Wednesday, July 11, 2012

Faith in Space

Article first published as Faith in Space on Blogcritics.

When it comes to believing that Ridley Scott's 1979 sci-fi-horror classic Alien is one of the best movies of its kind ever, I have discovered that I am not alone in the universe. I have also discovered that finding his new, not-quite-a-prequel Prometheus really annoying is also a shared experience. Among its most annoying attributes is the way it deals with issues of faith.


Here's a quick synopsis. Archeologists find cave paintings in Scotland that are similar to others they've found around the world. These images lead them to conclude that human beings were created by an alien race a zillion years ago, and now they want to go and find the aliens. They assemble a rag-tag team of corporate suits, scientists, and working-class types, go to a mysterious moon to make contact with these aliens, and learn that in space, someone can in fact hear you scream.

The film's first faith-based offense is in the Christian imagery used to represent religion. One of the archeologists walks around with a crucifix on. Look, I'm totally down with Christians and crucifixes, but are we really still at a stage where Christianity is used in films as a proxy for all human religiousness? You'd think that in an increasingly pluralistic world we would mix things up a bit. How about sending a Rastafarian into space for a change? It could be a Bob Marley meets E.T. kind of thing. Or even better, how about an interfaith space odyssey? Imagine a Muslim, Christian, Jew, and Baha'i for instance engaged in inter-religious dialogue as they try to evade being impregnated by aliens with anger issues. There is definitely a movie in there and a few dissertations too, I'd imagine.

The second thing that made me want to pull my hair out (difficult with a crewcut I must say) was the old faith-vs.-reason/science debate. I understand that this remains a culture war issue for some folks, but quite a few of us have gotten over this. It is in fact possible to adhere to the rigors of reason and science and also believe in God. This is certainly how Baha'is approach the issue. 'Abdu'l-Baha (1844-1921), Head of the Baha'i Faith from 1892 to 1921, explained it this way:

Bahá'u'lláh declared that religion is in complete harmony with science and reason. If religious belief and doctrine is at variance with reason, it proceeds from the limited mind of man and not from God; therefore, it is unworthy of belief and not deserving of attention; the heart finds no rest in it, and real faith is impossible. How can man believe that which he knows to be opposed to reason? Is this possible? Can the heart accept that which reason denies? Reason is the first faculty of man, and the religion of God is in harmony with it.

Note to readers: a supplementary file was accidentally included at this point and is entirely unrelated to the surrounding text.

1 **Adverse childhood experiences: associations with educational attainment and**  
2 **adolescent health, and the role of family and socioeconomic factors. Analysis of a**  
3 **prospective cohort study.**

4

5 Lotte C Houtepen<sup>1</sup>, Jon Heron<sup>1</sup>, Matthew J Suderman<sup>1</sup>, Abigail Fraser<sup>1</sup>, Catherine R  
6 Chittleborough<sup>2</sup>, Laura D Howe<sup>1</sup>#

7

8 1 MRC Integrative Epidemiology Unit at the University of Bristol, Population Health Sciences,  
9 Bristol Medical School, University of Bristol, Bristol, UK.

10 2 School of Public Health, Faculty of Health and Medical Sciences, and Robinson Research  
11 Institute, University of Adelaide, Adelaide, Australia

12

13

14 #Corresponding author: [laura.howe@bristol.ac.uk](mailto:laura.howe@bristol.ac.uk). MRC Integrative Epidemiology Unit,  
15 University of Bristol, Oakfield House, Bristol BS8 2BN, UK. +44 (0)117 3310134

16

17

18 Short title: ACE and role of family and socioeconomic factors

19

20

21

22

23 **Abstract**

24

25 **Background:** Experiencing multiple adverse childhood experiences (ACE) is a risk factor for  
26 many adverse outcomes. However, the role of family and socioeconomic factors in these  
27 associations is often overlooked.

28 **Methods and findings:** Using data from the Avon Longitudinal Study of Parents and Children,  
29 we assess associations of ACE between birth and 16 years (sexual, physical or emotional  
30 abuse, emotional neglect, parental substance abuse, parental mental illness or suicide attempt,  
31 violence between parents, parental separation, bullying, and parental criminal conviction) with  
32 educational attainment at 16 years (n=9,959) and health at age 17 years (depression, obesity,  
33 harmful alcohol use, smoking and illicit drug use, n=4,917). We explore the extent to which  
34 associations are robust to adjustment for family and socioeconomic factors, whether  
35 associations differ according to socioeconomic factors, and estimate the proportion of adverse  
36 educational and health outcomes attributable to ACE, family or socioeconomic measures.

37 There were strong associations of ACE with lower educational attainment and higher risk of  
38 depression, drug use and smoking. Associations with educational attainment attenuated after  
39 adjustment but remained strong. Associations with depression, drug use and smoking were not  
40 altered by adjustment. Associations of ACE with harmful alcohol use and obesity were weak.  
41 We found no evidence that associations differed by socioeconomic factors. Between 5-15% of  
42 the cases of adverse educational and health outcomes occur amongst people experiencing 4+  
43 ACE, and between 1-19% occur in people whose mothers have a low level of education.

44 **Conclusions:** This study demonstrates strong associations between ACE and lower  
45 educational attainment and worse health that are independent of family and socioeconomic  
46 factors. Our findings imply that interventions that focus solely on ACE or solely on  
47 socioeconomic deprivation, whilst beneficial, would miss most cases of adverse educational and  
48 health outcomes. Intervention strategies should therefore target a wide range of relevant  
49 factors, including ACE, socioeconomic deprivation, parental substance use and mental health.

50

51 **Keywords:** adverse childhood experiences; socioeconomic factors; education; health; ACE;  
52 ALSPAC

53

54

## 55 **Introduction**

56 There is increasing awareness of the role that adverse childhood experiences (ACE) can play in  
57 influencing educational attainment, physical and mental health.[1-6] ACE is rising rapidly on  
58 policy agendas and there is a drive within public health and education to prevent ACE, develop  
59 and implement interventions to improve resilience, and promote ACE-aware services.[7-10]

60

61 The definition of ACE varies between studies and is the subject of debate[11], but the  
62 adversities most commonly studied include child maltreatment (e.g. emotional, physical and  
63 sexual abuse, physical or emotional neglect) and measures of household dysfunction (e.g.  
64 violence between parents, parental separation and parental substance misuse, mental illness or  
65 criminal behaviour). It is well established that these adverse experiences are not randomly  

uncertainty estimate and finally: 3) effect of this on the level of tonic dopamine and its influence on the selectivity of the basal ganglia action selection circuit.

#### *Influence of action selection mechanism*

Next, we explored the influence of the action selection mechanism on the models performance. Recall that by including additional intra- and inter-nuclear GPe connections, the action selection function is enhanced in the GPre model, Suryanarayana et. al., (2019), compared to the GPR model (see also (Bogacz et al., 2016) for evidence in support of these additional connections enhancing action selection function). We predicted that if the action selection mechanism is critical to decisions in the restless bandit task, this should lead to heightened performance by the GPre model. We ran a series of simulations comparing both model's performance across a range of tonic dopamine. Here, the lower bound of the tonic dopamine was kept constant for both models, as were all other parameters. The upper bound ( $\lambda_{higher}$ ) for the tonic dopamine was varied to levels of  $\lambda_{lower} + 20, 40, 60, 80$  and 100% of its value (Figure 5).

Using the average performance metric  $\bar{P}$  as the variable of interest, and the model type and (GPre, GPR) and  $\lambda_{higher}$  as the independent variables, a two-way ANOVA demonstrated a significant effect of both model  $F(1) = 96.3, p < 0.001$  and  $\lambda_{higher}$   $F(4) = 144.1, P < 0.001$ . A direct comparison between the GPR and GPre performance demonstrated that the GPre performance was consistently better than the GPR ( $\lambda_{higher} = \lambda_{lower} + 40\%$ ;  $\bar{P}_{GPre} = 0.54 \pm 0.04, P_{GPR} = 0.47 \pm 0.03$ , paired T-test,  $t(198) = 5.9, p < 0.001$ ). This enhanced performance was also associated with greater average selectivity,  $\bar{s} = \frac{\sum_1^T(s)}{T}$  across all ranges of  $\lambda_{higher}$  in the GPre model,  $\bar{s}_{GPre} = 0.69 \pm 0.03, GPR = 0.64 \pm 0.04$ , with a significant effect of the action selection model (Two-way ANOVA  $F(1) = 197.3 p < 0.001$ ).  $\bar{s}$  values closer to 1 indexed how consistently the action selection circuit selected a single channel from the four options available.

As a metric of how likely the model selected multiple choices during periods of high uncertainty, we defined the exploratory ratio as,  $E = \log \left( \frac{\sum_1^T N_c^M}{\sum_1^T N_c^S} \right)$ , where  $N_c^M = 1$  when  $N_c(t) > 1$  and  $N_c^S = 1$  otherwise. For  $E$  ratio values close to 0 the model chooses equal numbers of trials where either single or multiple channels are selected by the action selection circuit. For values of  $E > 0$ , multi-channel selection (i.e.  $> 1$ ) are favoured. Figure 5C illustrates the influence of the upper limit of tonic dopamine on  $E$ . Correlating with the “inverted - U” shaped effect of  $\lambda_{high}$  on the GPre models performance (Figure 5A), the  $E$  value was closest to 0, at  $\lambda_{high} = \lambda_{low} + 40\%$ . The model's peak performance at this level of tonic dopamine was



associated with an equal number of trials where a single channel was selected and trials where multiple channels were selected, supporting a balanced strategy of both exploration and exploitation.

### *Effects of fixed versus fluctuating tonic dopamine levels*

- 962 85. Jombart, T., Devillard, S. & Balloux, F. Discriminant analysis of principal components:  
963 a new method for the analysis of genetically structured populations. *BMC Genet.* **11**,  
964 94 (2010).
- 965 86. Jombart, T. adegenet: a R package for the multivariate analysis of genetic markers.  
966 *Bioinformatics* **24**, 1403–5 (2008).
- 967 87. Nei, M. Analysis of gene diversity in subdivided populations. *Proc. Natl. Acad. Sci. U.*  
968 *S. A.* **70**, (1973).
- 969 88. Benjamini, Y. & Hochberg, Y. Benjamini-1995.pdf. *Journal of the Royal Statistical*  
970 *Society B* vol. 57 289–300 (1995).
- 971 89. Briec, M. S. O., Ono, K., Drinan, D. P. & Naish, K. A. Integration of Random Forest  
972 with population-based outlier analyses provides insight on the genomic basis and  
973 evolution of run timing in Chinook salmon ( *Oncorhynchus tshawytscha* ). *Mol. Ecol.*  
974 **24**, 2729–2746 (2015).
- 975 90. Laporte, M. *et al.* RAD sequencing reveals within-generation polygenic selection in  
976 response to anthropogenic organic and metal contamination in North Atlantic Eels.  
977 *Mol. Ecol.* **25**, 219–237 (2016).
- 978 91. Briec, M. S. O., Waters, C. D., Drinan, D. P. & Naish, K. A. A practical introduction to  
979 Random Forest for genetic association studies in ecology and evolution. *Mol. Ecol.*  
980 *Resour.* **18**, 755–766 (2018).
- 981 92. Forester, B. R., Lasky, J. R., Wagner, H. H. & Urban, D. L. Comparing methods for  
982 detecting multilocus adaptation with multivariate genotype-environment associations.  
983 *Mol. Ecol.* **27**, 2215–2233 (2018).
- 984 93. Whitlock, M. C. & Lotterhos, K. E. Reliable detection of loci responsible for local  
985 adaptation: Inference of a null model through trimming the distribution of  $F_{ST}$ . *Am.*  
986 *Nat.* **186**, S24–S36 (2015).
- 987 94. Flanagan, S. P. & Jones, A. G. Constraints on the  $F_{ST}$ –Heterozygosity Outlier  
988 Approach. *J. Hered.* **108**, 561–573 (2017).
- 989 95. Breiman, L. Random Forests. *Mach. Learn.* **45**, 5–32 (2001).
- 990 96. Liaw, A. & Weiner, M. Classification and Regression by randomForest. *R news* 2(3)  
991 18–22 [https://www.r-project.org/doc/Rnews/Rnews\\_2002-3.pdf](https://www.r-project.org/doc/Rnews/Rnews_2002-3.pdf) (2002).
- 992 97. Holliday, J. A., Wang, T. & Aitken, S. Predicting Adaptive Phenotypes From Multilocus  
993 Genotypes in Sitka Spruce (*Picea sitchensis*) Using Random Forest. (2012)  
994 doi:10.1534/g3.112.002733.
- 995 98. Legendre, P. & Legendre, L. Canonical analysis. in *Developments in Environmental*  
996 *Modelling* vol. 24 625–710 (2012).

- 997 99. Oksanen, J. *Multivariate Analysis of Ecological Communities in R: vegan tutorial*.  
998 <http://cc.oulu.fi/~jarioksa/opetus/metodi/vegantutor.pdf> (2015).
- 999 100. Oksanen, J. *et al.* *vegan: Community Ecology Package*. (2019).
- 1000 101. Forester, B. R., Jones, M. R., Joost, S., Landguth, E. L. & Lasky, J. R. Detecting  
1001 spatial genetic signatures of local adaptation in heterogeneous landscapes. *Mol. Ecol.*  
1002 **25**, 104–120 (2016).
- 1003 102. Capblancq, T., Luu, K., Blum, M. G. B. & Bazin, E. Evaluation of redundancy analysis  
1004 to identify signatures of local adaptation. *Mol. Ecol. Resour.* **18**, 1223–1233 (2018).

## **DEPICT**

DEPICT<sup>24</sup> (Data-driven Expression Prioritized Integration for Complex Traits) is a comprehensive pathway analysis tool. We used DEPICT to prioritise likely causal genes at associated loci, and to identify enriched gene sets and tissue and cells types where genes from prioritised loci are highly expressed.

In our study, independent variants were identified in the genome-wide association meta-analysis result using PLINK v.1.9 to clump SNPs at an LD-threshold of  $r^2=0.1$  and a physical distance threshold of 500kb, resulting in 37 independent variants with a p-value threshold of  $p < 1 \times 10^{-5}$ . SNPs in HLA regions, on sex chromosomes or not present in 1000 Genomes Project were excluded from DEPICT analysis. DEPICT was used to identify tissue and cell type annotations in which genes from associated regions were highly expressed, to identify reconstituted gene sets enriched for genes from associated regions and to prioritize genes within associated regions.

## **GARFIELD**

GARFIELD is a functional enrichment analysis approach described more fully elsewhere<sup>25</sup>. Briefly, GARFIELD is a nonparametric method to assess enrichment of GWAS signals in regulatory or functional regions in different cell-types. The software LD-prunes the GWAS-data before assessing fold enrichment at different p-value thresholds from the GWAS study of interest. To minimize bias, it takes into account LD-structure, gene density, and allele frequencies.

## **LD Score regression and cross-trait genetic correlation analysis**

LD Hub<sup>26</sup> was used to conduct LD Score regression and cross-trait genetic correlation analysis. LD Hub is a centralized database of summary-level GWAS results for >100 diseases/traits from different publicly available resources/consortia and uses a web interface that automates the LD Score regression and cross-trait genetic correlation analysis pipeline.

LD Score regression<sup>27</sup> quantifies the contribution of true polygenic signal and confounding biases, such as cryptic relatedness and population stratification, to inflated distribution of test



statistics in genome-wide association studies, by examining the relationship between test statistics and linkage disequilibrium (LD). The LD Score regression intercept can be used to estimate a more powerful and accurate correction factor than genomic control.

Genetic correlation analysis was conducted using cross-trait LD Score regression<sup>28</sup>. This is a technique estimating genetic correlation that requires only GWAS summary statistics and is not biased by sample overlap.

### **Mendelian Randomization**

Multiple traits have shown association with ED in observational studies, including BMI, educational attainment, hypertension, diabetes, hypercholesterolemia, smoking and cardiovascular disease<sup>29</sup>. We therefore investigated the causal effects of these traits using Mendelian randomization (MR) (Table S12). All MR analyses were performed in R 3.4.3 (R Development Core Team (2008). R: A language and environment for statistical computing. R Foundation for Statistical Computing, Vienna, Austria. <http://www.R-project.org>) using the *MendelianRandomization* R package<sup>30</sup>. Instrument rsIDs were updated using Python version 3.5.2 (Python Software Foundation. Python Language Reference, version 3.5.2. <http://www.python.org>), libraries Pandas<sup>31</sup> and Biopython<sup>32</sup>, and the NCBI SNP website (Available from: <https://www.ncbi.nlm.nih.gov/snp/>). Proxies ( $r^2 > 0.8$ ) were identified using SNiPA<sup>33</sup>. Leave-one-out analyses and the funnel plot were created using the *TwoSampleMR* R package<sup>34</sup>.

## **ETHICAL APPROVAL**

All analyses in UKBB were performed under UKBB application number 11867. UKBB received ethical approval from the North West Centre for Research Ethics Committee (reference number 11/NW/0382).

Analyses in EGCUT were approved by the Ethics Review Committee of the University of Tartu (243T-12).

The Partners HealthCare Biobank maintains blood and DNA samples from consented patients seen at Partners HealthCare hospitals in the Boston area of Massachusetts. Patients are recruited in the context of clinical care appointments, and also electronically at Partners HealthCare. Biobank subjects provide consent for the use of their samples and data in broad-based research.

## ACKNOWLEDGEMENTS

I would hope that in the late 21st century when Prometheus takes place, humanity would be having a more sophisticated conversation about faith and science. Time will tell, I suppose.
Speaking of faith, this phenomenon is encapsulated in the oft repeated expression "I choose to believe it" whenever an assertion is challenged or questioned in the film. In this version, the touchstone of faith is adhering to belief in spite of the empirical evidence available. In its more extreme forms the strength of faith is measured by the distance between belief and reason. This understanding of faith is the seed of much faith-vs.-reason/science conflict. The Baha'i Faith offers an alternative understanding of faith. 'Abdu'l-Baha comments:

In divine questions we must not depend entirely upon the heritage of tradition and former human experience; nay, rather, we must exercise reason, analyze and logically examine the facts presented so that confidence will be inspired and faith attained. Then and then only the reality of things will be revealed to us...By faith is meant, first, conscious knowledge, and second, the practice of good deeds.

This conceptualization of faith is less about what we believe to be true, and more about we come to know to be true through reasoning and scientific investigation. The strength of this kind of faith is measured not by increasing the distance between belief and reason, but closing the distance between knowledge and action. If this way of understanding faith had been represented in the film, the dialogue would have sounded more like "I choose to act in accordance with what I have come to know to be true through reason and investigation." That's a movie moment that would make me stand up and cheer. Anybody out there want to make a new kind of faith-in-space movie?